3.) You are able to leave them alone at home, unsupervised, and run errands that you could never do when you had small children. You've waited years for this moment. No baby sitter. All the emergency numbers posted. Only no one told you the errands you get to run are to go replace their lost eye glasses, go to T-Mobile and ask how to get on the long term payment plan for the cell phone bill, and stop at Home Depot to by new door hinges for that slammed one too many time door. Yep, the ability to leave them alone is a huge plus.

2.) Free labor. The best thing about this one is that it's usually accompanied by #7, #6, and #4 above. You get free labor, along with your house structure tested, you'll learn a few new facial expression and phrases all at the same time. I cannot decide if I really want them to go to college, I'm still on the fence about that one. That would mean we'd be required to go back to our pre-child days of taking out the trash and feeding the dogs on our own. Oh well, I watched enough Cosby show episodes to know that none of them will stay gone for long.

1.) You will come to appreciate your parents and what they went through every day when you were a teenager. Call your parents and tell them thanks. Better yet, call your dad and tell him how much you appreciate all that he taught you. In fact, suggest (since you are now so up to date on fashion) that he gets the 'Have you seen my Wiener' t-shirt and then tell him he will look really 'sick' in it!

And then, when he starts to say things no parents should ever say to their child, just roll your eyes and tell him you've gotta go run some errands.

(Of course then they do this and everything is good. Sneaky but effective.)

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Jack on July 05, 2009 said...

Shannon's Dad can only say he never experienced any of these problems with his children. Of course, he also didn't have the challenge of 3 boys and has doubts that he would have survived them. He'd also like to know where he could get his own T-shirt (knowing full well that Tyler would never give up his) for reasons he'll never post here.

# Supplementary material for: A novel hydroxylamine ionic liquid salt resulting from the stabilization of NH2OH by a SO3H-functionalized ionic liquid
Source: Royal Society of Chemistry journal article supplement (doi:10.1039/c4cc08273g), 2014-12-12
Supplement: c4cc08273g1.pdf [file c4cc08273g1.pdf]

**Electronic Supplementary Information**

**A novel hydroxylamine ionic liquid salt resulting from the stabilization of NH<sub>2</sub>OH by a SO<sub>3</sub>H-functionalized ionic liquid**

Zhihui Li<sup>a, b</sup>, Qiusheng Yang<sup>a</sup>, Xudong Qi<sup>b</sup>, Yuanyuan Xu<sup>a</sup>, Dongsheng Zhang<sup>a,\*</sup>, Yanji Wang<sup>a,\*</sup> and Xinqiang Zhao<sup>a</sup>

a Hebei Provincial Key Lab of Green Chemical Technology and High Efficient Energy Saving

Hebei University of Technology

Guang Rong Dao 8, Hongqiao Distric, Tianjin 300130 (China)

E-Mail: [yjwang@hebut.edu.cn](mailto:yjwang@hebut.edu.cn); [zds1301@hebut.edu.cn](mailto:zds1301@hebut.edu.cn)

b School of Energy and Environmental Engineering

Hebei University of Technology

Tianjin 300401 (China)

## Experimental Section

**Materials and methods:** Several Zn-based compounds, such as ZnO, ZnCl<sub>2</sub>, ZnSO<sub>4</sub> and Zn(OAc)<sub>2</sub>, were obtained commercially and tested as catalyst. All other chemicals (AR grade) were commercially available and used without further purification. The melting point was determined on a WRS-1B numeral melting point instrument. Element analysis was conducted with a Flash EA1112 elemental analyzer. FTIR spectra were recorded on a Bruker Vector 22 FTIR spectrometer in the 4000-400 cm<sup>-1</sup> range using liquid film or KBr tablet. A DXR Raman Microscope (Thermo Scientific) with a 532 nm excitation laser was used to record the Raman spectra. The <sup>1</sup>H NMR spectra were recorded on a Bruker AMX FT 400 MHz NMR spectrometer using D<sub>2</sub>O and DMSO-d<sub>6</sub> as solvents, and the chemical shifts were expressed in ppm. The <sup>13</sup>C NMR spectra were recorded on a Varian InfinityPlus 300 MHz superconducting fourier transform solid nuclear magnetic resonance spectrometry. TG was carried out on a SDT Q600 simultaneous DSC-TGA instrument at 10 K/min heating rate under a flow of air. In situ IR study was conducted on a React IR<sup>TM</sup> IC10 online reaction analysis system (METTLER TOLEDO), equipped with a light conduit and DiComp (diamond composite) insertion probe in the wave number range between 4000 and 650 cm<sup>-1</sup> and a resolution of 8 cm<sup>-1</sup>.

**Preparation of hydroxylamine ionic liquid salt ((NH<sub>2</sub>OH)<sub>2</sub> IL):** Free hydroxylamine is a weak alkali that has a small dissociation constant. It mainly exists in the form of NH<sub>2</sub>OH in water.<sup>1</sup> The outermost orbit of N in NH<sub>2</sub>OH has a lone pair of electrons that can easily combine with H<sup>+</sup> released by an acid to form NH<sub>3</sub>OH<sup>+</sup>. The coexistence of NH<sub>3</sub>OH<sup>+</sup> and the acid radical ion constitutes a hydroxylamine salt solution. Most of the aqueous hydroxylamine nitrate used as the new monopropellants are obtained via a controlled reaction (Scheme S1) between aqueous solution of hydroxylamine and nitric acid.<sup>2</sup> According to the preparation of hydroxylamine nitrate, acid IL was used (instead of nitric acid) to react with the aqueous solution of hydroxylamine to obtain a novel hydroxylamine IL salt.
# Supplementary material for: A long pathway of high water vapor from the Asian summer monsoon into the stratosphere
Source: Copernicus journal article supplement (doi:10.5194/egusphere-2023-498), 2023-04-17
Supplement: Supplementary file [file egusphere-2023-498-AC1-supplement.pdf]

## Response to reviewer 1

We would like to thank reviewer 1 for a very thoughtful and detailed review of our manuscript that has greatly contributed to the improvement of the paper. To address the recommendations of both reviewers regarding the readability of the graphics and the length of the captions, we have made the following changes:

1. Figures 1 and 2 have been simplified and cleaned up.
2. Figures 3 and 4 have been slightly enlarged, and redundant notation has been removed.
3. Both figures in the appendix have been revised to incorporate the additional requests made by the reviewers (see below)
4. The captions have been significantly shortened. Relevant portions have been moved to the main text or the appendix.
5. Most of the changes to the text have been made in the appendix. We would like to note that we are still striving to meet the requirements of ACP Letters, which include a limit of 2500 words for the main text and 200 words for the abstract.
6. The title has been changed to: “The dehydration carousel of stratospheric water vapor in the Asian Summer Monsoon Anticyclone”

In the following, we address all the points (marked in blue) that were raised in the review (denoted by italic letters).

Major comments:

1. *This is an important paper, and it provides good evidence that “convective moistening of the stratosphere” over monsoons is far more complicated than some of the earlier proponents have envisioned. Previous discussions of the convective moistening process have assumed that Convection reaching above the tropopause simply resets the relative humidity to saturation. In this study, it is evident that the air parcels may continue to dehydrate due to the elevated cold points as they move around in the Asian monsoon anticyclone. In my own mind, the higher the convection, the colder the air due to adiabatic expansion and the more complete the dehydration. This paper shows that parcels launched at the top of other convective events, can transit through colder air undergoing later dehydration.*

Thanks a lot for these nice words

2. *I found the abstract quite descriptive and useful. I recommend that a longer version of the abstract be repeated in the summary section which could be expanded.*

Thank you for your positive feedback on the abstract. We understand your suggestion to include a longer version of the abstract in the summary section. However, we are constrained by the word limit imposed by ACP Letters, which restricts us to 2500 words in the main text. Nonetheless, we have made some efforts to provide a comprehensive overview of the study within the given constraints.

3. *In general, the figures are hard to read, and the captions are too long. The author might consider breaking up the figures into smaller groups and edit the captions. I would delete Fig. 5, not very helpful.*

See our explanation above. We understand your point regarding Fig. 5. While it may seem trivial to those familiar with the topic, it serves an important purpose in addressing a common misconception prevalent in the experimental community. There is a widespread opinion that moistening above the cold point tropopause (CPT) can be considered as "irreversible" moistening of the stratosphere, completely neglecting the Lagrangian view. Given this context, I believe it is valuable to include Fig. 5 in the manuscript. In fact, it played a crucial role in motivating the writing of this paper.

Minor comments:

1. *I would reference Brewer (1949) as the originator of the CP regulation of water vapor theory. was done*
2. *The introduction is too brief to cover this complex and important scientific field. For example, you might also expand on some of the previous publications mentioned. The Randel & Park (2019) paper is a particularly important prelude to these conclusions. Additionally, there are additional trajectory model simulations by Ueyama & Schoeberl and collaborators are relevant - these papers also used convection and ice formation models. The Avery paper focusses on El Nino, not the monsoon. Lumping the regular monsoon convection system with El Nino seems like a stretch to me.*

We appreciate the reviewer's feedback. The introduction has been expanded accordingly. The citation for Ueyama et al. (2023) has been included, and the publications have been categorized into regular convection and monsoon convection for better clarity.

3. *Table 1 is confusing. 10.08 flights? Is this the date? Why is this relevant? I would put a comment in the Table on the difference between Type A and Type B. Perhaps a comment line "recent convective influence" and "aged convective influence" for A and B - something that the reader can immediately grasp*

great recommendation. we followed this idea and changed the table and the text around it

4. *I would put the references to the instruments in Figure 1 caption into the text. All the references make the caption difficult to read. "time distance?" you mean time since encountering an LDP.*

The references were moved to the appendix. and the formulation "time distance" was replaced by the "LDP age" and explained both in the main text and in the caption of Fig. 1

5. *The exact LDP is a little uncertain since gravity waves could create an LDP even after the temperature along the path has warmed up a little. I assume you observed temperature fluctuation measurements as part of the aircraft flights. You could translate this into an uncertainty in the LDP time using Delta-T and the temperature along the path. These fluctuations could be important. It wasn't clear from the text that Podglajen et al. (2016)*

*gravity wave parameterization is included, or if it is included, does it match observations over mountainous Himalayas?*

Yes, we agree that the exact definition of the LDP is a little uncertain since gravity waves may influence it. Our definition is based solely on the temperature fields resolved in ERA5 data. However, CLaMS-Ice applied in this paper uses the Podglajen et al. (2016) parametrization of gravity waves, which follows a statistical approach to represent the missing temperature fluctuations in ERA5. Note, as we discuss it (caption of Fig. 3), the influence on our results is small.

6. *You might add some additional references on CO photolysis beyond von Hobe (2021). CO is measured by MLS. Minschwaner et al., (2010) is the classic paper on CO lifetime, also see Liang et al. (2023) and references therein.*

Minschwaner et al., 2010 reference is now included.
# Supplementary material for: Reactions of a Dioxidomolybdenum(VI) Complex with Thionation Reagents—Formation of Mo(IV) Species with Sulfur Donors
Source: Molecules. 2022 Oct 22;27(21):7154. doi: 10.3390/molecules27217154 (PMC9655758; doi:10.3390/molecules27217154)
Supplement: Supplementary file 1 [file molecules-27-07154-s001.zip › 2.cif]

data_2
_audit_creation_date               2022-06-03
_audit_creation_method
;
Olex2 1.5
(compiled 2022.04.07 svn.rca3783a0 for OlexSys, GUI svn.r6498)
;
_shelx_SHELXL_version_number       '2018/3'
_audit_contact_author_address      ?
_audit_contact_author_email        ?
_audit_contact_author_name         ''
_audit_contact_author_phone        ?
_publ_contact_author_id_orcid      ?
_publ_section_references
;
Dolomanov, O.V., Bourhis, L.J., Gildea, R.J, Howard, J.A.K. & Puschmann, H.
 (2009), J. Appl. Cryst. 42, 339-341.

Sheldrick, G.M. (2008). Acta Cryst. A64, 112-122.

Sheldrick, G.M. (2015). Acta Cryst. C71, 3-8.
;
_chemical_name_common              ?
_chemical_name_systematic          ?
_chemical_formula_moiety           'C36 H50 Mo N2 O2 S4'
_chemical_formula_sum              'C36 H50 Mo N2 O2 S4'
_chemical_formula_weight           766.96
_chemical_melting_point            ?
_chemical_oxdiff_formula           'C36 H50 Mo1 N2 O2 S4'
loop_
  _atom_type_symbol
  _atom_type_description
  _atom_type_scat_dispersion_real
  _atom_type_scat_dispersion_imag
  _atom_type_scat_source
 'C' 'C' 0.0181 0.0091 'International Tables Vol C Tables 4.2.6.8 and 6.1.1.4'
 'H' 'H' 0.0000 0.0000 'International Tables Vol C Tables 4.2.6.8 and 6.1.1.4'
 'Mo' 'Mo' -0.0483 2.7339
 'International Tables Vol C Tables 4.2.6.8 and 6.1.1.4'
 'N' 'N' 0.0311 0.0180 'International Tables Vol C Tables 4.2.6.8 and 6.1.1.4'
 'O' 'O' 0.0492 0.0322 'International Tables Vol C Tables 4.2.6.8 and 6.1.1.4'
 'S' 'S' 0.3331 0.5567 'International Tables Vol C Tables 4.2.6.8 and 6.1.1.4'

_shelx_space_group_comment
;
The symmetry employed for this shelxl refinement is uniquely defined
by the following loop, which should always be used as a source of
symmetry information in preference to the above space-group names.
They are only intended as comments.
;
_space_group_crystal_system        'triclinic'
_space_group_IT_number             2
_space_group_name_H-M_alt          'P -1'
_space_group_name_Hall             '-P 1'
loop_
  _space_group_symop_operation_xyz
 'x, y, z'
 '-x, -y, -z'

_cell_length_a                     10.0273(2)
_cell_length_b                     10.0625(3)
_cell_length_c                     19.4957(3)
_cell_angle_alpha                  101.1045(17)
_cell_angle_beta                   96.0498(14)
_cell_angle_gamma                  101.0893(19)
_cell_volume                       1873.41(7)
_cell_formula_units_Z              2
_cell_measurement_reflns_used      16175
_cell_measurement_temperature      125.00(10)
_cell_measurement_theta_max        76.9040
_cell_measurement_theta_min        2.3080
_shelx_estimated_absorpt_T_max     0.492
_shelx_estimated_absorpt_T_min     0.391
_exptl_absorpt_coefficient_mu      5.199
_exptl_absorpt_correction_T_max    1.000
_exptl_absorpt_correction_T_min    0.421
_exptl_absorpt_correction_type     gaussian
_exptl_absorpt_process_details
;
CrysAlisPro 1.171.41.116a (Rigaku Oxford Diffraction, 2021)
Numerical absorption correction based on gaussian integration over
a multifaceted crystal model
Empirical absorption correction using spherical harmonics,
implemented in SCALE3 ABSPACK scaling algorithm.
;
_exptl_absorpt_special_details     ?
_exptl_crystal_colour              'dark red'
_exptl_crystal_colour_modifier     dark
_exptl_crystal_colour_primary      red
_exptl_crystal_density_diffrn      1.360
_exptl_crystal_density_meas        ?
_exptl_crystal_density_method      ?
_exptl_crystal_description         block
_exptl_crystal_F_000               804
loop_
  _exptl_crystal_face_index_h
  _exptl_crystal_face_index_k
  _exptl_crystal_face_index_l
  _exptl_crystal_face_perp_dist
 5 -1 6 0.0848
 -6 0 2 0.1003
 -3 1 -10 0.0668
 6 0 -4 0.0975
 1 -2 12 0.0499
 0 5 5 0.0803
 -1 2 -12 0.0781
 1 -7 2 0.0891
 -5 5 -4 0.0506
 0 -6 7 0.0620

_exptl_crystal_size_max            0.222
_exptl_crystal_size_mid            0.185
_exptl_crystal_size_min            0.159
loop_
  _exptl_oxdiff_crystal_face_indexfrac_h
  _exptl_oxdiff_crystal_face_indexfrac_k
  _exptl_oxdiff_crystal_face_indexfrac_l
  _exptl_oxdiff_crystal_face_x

Shannon on July 05, 2009 said...

And this is where I start the blog about no matter hold old your parents are, they can still embarass you very quickly!

Sophia's Mom on July 06, 2009 said...

Hi Shannon!
I am following from MBC. You have a beautiful family.

Reading your post reminds me of when I was teenager! AH! I am sooo looking forward to that with my little one! (insert sarcasm here!!!)

Sophia's Mom on July 06, 2009 said...

Hi Shannon!

Following you from MBC!

Soooo looking forward to those teenage years with my little one! (insert sarcasm here)

Please check my blog out @ http://wannabeworkathmemommy.blogspot.com

Shannon on July 06, 2009 said...

Oh be careful what you wish for! :) They are fun in a whole new kind of way!

Stefanie on July 06, 2009 said...

Fabulous post! Love how you find the humor in teens. Re: Reason #4 might I suggest a site, www.urbandictionary.com to help you decipher those words. I was recently introduced to it when I found a post-it note with the word dinkweed on it.

Anonymous said...

LOL, this is perfect. I have four girls (17, 15, 13, and 11) so I know the deal by now! Good luck with your teenager!